**Aida Maraj**My research is in algebraic statistics and representation stability. In algebraic statistics, I investigate quantitative and qualitative data for both discrete and multivariate Gaussian statistical models using associated ideals and varieties over polynomial rings. On occasion, this involves the polyhedral geometry of the associated polytopes. In representation stability, I focus on asymptotic phenomena for infinitely many algebraic objects related by a group action. In doing so, I often utilize theory of languages and automata from computer science.

In my opinion, a good descriptive name for an IBL experience is supervised discovery. While learning the material, the student in an IBL class masters problem solving abilities: clearly stating a problem, splitting a problem into smaller simpler tasks, creative thinking, resilience, initiative, and collaboration. In my experience, the IBL setting makes for a more energetic, exciting, and happy class atmosphere.

**Janet Page**

My research interests are in commutative algebra and algebraic geometry, and I am especially interested in problems which can be solved using combinatorial techniques. In the past, I’ve mainly working on problems related to singularities of algebraic varieties in positive characteristic.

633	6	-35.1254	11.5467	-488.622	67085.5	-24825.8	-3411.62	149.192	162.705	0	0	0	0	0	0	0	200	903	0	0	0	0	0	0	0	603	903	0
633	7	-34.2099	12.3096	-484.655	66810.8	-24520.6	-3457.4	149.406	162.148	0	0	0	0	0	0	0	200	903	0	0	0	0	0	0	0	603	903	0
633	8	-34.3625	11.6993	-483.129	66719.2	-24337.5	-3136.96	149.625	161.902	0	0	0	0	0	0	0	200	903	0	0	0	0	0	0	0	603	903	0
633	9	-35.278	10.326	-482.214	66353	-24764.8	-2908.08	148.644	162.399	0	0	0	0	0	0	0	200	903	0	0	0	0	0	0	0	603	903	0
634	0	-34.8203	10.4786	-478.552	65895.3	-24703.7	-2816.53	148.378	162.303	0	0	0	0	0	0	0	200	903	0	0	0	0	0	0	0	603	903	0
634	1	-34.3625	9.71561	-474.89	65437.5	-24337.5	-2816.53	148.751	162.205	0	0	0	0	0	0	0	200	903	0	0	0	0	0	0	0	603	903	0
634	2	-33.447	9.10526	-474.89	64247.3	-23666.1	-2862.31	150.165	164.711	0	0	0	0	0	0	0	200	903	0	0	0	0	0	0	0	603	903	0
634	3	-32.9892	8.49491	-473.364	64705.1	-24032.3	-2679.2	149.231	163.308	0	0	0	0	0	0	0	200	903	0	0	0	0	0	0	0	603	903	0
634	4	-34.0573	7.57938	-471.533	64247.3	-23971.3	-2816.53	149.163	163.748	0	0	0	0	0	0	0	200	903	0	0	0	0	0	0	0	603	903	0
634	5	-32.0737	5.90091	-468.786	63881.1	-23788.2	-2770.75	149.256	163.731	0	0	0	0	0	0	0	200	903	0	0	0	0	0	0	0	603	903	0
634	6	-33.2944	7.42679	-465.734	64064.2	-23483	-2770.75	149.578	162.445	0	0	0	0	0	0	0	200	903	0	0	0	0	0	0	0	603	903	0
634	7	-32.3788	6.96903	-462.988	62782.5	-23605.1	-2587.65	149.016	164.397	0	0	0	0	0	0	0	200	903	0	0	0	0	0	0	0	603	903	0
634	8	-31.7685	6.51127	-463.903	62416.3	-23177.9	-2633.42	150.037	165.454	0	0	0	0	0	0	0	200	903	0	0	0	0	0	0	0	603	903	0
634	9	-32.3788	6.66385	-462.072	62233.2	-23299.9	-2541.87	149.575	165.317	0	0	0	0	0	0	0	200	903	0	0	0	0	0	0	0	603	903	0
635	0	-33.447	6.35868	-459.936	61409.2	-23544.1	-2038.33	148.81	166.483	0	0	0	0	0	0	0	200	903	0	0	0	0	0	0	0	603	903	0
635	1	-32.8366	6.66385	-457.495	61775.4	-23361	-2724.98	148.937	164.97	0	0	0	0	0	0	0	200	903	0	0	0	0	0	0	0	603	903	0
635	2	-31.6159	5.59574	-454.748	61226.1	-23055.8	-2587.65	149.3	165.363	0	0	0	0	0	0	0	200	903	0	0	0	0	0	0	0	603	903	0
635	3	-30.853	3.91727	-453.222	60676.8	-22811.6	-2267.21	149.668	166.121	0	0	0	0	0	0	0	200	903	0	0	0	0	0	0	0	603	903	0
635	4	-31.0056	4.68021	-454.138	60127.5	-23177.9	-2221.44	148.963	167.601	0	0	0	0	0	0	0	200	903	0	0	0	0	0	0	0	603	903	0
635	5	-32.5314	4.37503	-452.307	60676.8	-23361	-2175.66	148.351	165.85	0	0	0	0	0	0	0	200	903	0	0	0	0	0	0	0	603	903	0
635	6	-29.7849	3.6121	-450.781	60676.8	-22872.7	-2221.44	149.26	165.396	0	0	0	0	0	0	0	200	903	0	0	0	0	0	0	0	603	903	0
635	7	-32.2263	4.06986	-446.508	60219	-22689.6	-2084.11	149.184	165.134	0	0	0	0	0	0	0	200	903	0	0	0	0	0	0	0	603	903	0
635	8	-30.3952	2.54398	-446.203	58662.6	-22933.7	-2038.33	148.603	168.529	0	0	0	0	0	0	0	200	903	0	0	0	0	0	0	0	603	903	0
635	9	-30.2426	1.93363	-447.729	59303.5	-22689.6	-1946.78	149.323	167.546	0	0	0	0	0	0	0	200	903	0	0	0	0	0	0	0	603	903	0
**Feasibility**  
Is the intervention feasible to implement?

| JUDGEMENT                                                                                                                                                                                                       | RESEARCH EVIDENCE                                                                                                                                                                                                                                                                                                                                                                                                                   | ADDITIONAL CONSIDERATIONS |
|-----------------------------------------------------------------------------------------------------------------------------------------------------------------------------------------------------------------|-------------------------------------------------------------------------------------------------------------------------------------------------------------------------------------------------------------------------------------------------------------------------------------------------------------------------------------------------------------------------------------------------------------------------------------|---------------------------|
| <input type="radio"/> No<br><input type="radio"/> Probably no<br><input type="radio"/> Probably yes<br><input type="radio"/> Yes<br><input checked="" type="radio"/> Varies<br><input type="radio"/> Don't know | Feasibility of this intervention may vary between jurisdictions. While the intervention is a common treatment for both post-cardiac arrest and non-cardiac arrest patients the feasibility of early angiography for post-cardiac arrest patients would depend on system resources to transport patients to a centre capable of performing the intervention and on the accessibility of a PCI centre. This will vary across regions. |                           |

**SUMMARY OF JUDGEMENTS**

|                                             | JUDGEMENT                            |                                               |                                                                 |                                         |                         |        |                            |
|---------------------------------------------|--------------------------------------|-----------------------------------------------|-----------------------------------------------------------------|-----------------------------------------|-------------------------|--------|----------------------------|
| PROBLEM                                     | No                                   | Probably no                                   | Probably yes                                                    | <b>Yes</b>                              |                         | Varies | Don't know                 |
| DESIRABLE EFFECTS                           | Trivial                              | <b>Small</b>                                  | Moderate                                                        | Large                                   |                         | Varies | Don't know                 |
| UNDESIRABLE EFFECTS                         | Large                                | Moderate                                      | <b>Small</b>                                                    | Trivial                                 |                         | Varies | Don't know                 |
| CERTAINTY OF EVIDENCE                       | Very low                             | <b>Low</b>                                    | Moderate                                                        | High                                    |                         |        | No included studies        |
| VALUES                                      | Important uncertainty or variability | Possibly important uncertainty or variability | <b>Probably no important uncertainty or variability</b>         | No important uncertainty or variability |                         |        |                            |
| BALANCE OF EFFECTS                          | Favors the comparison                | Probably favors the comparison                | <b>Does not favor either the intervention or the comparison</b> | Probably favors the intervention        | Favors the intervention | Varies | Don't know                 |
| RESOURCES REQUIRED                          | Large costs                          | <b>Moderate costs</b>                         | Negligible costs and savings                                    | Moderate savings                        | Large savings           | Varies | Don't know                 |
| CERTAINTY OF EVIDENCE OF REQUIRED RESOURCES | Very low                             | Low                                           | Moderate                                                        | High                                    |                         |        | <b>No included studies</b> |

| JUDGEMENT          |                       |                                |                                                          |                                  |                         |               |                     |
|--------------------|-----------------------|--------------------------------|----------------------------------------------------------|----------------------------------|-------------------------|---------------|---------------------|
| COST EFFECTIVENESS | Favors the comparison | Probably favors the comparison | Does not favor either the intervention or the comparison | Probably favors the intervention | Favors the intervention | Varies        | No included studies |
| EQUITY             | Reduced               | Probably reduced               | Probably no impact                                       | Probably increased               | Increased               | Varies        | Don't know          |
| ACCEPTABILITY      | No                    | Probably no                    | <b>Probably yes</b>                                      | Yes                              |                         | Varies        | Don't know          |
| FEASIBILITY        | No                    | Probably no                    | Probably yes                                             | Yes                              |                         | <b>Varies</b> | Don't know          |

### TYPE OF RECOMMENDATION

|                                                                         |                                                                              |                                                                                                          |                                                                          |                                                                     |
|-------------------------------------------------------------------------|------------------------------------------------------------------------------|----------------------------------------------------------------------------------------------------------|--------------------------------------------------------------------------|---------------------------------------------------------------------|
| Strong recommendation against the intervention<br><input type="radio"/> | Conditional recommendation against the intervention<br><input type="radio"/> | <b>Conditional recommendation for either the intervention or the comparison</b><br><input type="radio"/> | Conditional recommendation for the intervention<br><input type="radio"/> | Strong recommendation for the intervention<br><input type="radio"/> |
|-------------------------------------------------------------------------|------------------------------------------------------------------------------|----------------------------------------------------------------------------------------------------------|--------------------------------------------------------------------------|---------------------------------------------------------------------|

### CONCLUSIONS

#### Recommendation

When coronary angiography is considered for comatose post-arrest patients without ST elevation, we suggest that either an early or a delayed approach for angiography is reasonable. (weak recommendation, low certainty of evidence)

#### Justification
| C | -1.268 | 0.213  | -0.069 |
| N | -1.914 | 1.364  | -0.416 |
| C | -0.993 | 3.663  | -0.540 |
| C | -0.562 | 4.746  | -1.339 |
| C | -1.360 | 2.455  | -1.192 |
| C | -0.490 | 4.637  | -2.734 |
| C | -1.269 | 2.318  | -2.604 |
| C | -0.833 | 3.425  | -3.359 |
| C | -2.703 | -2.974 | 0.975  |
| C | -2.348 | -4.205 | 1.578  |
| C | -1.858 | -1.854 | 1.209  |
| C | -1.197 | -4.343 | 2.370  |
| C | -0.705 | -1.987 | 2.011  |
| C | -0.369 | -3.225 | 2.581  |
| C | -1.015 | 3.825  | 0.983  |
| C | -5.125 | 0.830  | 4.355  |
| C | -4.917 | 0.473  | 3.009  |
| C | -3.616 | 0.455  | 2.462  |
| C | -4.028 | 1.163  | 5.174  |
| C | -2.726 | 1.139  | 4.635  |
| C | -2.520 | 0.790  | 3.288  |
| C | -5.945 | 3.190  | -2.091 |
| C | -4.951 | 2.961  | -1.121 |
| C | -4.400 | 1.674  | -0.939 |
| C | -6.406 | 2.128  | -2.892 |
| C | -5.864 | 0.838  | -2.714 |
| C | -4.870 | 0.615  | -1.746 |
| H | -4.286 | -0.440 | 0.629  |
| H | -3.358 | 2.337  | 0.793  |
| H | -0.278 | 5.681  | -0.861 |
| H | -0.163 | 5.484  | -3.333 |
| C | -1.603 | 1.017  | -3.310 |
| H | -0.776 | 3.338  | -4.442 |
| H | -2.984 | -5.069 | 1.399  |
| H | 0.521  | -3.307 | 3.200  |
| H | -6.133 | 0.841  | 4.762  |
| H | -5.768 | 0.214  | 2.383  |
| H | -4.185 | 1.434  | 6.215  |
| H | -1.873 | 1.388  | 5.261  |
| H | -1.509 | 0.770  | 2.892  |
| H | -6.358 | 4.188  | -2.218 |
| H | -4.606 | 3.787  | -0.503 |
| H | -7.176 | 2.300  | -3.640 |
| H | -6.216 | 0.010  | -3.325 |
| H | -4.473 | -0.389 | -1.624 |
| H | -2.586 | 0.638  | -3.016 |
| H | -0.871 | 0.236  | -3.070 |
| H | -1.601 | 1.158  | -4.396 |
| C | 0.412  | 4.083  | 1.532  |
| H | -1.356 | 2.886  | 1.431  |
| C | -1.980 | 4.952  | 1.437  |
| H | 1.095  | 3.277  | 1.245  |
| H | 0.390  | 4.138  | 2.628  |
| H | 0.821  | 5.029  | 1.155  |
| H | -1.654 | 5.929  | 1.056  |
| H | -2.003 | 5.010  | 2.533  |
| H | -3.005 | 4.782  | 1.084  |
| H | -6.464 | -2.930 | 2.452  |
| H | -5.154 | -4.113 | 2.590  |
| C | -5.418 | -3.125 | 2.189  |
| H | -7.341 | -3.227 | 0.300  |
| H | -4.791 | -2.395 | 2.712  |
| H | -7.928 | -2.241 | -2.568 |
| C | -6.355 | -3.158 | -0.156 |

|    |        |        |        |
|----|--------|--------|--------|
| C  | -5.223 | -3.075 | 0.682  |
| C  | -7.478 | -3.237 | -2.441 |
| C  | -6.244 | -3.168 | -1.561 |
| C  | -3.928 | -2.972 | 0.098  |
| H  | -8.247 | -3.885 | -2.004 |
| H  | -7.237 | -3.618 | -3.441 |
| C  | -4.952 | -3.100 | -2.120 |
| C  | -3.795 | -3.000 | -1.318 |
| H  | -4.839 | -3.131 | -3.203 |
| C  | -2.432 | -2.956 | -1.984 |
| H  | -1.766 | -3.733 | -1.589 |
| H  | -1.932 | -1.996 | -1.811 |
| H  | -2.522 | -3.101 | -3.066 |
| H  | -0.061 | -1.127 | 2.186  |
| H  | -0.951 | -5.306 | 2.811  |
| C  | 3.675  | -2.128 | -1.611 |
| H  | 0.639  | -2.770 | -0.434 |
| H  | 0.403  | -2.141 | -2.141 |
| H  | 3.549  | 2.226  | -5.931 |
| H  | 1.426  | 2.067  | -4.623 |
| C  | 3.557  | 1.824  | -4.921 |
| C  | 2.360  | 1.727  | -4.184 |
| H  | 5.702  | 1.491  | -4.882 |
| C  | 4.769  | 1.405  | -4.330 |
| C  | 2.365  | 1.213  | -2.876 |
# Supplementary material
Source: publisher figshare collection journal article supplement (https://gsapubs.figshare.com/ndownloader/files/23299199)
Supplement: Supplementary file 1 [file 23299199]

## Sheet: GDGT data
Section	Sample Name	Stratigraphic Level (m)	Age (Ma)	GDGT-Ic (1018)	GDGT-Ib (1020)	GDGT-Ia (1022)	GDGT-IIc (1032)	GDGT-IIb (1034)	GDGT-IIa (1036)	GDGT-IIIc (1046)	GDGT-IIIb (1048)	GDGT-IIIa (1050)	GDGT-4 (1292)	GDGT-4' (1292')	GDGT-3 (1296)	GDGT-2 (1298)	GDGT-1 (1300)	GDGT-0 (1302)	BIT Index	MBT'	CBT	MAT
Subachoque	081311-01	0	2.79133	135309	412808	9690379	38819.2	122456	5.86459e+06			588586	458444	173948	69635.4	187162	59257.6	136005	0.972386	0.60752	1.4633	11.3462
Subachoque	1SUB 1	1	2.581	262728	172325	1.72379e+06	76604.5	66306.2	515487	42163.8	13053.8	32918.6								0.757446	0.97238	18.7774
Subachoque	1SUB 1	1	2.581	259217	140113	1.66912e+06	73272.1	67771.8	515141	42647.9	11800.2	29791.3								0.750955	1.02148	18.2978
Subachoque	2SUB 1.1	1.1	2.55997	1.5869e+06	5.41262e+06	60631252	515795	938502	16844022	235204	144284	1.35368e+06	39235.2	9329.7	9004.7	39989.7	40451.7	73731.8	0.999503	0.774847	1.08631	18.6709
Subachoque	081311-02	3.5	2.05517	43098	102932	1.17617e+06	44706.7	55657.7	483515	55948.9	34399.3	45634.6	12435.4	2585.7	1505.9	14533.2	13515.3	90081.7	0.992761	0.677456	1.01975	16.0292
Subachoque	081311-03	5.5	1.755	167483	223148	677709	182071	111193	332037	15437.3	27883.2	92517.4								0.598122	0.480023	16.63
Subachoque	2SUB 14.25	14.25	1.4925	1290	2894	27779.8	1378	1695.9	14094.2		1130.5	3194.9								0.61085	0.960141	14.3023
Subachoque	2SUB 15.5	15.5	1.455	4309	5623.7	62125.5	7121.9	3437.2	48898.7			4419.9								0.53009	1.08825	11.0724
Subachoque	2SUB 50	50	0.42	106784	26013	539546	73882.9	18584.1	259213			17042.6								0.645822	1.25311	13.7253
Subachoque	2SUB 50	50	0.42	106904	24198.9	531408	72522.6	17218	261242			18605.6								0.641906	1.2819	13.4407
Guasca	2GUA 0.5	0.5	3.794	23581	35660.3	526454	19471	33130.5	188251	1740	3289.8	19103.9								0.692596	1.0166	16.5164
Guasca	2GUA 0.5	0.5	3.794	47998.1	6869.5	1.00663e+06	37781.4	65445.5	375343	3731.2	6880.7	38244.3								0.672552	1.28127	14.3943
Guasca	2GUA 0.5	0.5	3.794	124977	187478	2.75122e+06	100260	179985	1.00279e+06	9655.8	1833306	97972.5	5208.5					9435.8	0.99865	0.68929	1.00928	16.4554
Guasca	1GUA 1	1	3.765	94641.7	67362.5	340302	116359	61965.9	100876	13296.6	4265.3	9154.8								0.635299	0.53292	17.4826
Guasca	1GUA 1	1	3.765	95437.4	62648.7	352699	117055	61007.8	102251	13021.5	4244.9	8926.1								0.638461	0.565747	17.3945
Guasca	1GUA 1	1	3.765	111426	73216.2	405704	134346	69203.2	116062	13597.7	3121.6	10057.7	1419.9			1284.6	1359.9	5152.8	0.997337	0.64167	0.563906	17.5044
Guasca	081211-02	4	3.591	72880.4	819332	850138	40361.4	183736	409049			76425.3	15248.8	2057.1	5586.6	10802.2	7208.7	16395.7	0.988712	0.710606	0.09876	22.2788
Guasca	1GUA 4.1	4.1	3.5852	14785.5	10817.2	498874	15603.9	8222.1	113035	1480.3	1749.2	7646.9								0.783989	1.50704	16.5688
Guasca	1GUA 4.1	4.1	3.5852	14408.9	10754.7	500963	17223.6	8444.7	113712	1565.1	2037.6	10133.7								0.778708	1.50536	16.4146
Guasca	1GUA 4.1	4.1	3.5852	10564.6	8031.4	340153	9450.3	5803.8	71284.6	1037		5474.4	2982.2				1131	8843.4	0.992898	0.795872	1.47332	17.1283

My first experience with leading an inquiry based classroom was in teaching for an outreach program called the Math Circles of Chicago, where middle and high school students investigate mathematics in a collaborative environment, often through puzzles or games. Here, I learned how to step back and give my students space to discover mathematics on their own, and this technique has translated well into the college classroom. I’ve found that when students guide the discussion and work together on problems rather than just listening to lectures, they develop their critical thinking skills, learn the material better, and have a greater sense of agency.

Page is an Assistant Professor at North Dakota State University.

**Anna Weigandt**

I study algebraic combinatorics, specifically Schubert calculus. At its heart, Schubert calculus concerns the way arrangements of geometric objects, such as points, lines, and planes, sit in space together. More broadly, I seek to understand how mathematical structures in algebra, combinatorics, and geometry relate to one another. I am most interested in problems involving partitions, alternating sign matrices, and quiver representations.

My previous teaching experience has been with Precalculus, Calculus I, and Vector Calculus. I find that personally, when I figure something out for myself, I am much more likely to understand it. This is why I am so excited to teach in an IBL setting. My goal is to teach students how to think creatively within the mathematics classroom. I am also interested in using technology to understand mathematics. I have developed a number of digital visualizations, geared towards helping students to gain intuition about key calculus concepts.

Weigandt is currently on a postdoctoral fellowship at MIT.